When Malcom Chapman speaks to a group, he often starts by saying: “I am a product of separated and divorced parents.”
Chapman, of Rapid City, South Dakota, says he asked to be and was raised in the home of his paternal grandparents when his parents divorced. While his mom, dad and maternal grandparents were actively involved in his life, his nuclear family included his paternal grandparents, an aunt and her two children, and his younger brother.
“Jokingly I say it was too much adult supervision,” says Chapman, who grew up in Chicago. “But in reality, I got everything I think every child should receive. I was challenged, disciplined and there wasn’t a single day that I didn’t know I was loved. I wouldn’t trade my childhood for anyone’s.”
He played high school and college sports, and then served in the U.S. Marine Corps, where he earned the rank of captain.
That’s the key to life. Let the heart lead the way.
Chapman’s formative years set the stage for his life of gratitude and service. He’s a community leader, speaker and consultant. He’s a Bush Fellow and today works as a grant maker with the Bush Foundation. The foundation provides grants to people in Minnesota, North Dakota, South Dakota and 23 Native nations who think bigger and differently about solutions to problems in their communities.
He volunteers on local, regional and national boards, including currently on the board of the
“My role there wasn’t to agree all the time. It was to listen, to understand the issues and how they would impact the community,” he says.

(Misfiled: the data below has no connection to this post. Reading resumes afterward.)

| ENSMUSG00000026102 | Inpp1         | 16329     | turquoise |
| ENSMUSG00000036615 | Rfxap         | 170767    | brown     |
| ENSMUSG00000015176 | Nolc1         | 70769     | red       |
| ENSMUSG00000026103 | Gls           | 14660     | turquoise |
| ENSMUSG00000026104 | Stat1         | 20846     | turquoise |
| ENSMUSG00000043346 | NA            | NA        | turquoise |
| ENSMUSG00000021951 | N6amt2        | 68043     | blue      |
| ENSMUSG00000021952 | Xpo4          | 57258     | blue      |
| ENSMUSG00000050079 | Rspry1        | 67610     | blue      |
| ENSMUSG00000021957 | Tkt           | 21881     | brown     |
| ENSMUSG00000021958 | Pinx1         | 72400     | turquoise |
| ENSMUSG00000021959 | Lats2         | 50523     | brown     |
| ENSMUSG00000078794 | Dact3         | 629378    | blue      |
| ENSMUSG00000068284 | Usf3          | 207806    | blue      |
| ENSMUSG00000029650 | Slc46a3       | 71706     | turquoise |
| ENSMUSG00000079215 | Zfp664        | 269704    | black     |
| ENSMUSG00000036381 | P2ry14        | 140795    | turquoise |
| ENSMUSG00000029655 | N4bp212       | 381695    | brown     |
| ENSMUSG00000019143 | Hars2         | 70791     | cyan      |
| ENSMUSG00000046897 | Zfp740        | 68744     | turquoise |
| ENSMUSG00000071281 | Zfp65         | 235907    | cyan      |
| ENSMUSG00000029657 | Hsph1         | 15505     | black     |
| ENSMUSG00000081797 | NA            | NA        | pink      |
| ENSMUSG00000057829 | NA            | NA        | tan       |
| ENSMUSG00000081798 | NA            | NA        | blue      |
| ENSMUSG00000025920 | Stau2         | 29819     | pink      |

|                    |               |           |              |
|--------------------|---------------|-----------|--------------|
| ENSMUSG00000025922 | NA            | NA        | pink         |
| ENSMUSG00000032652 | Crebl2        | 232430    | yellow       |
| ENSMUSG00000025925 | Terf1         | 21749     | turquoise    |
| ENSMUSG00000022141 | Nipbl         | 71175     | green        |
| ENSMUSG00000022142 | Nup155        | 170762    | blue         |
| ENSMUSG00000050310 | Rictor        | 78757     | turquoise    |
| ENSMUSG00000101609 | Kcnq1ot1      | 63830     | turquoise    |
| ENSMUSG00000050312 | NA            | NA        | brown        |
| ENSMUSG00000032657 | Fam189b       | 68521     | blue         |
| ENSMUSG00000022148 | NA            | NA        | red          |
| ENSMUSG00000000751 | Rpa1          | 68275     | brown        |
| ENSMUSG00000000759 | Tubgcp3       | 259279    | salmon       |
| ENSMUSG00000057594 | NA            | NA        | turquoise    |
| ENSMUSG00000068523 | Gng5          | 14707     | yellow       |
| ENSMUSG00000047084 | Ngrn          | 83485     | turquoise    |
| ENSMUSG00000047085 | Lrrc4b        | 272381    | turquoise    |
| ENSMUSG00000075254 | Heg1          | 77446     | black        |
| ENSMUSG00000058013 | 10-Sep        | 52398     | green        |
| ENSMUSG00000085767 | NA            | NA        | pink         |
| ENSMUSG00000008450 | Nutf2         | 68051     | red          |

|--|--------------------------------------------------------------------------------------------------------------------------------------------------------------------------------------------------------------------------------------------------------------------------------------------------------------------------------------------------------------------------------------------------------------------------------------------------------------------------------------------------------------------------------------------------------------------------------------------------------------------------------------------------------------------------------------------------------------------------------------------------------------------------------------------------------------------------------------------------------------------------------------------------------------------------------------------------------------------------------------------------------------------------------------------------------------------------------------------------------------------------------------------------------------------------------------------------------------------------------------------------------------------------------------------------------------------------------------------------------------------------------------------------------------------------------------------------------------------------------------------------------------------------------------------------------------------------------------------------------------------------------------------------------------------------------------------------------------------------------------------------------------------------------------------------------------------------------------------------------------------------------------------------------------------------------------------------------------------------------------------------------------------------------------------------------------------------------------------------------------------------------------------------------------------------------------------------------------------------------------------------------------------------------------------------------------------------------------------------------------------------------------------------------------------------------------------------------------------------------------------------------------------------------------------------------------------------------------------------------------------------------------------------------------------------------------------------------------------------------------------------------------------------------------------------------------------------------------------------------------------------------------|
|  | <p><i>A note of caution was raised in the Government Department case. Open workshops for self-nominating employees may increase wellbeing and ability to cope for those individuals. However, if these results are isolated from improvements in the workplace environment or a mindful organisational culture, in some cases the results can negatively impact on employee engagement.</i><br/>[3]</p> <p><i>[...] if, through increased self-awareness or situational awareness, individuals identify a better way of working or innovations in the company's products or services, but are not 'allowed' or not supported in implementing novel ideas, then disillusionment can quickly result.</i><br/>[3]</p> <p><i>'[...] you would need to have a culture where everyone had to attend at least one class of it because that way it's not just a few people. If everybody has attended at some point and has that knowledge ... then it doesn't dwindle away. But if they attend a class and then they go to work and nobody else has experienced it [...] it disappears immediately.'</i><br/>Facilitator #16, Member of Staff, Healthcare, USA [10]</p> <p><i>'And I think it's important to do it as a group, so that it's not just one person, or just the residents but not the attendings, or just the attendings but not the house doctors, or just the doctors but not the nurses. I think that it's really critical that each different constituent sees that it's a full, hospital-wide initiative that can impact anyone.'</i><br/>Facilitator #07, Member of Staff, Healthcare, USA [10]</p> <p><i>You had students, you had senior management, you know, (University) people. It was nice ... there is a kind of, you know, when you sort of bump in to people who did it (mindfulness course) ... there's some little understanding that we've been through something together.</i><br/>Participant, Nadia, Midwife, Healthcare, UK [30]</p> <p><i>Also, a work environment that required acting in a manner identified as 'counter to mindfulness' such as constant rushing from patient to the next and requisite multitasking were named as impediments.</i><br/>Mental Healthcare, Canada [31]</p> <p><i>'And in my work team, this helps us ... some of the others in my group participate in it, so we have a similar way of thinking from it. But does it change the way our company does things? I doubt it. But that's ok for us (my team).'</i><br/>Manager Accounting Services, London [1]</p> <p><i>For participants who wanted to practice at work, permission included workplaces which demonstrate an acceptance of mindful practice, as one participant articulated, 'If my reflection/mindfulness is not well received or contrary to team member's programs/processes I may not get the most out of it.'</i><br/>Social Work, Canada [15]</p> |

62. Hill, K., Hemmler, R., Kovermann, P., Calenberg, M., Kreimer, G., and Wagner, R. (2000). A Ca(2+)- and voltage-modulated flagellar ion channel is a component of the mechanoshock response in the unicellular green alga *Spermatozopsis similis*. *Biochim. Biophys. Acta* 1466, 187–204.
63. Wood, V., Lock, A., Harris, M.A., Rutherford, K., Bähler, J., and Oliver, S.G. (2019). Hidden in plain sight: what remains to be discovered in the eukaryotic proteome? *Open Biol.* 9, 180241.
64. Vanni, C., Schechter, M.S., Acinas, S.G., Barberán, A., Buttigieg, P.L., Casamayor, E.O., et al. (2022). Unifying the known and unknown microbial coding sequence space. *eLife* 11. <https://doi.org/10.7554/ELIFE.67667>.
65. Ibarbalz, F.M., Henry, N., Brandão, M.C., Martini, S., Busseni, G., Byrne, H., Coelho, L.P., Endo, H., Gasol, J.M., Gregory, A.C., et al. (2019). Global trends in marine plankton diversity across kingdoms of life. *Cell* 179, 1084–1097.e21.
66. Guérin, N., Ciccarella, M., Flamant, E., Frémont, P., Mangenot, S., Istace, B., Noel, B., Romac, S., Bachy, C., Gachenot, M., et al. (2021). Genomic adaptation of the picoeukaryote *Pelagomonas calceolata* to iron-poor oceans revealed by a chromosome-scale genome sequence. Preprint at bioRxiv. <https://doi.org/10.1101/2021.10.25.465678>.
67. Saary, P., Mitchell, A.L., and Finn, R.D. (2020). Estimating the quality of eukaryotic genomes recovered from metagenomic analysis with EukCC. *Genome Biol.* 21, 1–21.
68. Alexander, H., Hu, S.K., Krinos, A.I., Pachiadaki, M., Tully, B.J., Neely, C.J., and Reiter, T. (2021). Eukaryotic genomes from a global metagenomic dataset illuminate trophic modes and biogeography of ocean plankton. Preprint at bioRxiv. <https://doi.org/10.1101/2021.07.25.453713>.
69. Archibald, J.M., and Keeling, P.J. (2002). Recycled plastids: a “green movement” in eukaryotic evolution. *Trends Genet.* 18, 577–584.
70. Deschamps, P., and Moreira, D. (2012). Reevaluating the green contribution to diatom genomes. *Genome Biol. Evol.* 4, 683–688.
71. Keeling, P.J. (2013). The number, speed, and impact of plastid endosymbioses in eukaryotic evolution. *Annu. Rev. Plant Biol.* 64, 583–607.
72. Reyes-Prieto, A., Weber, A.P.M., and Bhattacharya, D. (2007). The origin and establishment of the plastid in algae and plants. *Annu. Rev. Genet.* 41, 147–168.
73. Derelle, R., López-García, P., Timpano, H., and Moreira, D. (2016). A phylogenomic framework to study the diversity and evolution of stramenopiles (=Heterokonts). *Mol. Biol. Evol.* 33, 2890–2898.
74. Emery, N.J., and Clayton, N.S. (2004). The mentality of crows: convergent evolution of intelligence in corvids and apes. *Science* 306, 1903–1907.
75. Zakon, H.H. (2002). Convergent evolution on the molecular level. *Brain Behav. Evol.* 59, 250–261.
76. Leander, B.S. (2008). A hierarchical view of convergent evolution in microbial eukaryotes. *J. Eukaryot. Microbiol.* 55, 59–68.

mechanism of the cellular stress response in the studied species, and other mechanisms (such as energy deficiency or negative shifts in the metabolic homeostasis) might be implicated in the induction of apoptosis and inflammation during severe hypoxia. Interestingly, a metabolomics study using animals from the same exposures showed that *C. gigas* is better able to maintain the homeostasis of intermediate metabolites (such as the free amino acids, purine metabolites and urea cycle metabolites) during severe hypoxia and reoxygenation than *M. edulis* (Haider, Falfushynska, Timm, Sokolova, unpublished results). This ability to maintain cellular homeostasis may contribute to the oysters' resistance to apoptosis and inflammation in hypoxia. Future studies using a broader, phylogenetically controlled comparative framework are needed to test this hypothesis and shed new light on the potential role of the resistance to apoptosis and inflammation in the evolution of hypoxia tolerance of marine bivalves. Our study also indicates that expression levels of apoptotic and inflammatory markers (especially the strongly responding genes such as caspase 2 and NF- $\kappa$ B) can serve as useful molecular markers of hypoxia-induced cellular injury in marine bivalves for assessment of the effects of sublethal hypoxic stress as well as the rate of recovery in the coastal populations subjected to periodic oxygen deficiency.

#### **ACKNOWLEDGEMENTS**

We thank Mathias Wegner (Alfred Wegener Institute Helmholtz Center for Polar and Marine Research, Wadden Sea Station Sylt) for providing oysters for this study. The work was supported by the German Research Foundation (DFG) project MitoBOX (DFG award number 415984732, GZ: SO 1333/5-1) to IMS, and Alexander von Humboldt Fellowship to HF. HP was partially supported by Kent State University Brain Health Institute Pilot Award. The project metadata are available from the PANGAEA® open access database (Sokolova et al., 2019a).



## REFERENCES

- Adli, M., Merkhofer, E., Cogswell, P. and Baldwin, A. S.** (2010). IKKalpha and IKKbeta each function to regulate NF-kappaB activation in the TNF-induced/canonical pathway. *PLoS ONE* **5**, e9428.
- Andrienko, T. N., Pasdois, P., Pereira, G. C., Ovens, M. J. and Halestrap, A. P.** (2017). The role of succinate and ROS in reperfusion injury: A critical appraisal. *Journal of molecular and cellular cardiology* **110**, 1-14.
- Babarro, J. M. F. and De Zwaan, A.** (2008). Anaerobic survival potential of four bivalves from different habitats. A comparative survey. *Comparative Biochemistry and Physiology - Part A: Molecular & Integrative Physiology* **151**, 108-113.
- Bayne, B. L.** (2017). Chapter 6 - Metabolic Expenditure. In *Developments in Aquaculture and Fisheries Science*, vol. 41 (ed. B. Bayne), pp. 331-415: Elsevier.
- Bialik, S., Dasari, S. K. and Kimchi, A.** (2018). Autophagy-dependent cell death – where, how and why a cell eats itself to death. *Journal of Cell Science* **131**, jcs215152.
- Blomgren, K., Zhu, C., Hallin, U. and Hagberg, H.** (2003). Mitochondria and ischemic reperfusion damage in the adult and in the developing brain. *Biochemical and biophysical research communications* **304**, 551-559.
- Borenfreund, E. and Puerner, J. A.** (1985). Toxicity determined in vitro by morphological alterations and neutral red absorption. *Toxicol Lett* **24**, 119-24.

Chapman and his wife Cheryl (whom he proposed to the night he met her) have three adult children. “She didn’t say yes that night, but eventually we married in 1994,” he says.
How did he know Cheryl was the one? “That’s the key to life,” he says. “Let the heart lead the way.”
How did you first learn about Thrivent?
Cheryl grew up in the Lutheran church, so my first introduction was when we bought life insurance policies in the late ‘90s. We are longtime members of Calvary Lutheran Church in Rapid City, active and serving on several committees and councils.
What’s your first memory of money?
My sister and I would pool our money and buy snacks. I also remember going with my grandfather when he’d take his paycheck to the bank. He’d wait in line and make a deposit. I was curious what was on this check. How was that money, and why did he trust to leave it there?
What are your guiding principles around money decisions?
Spend less than you earn. Make investments. Avoid debt. Be generous. We should always share; it’s not ours anyway.
What’s the best piece of financial advice you’ve ever received?
I think it came from my dad: Start as early as possible and save 10% of everything you earn. I’ve tried to pass that on to my children as well.
What’s your favorite volunteer activity?
I’m a lifetime Optimist Club member, a service organization that focuses on youth. A lot of my volunteerism is around youth. When I was in elementary school, my mother made me help two boys study for a quiz. I didn’t want to. One of the boys told me he got the highest grade he’d ever received, and it was because of me. Ever since, I’ve thought about the gift he gave me by telling me and how I felt. As a result, I want to contribute and serve.
How do you show gratitude?
I think about gratitude as being thankful for whatever experience, moment, person or relationship is before me. I have five tenets written down that help me show gratitude: making financial contributions, giving gifts, serving and volunteering, sharing radical hospitality and providing for emotional relationships. If these things are happening daily, my life is richer.
What does it mean to thrive with purpose?
Thrive conjures up movement. I think thriving is about changing, growing, and for me personally, love is the most important thing. But it’s relational how love manifests itself—with God, family and friends.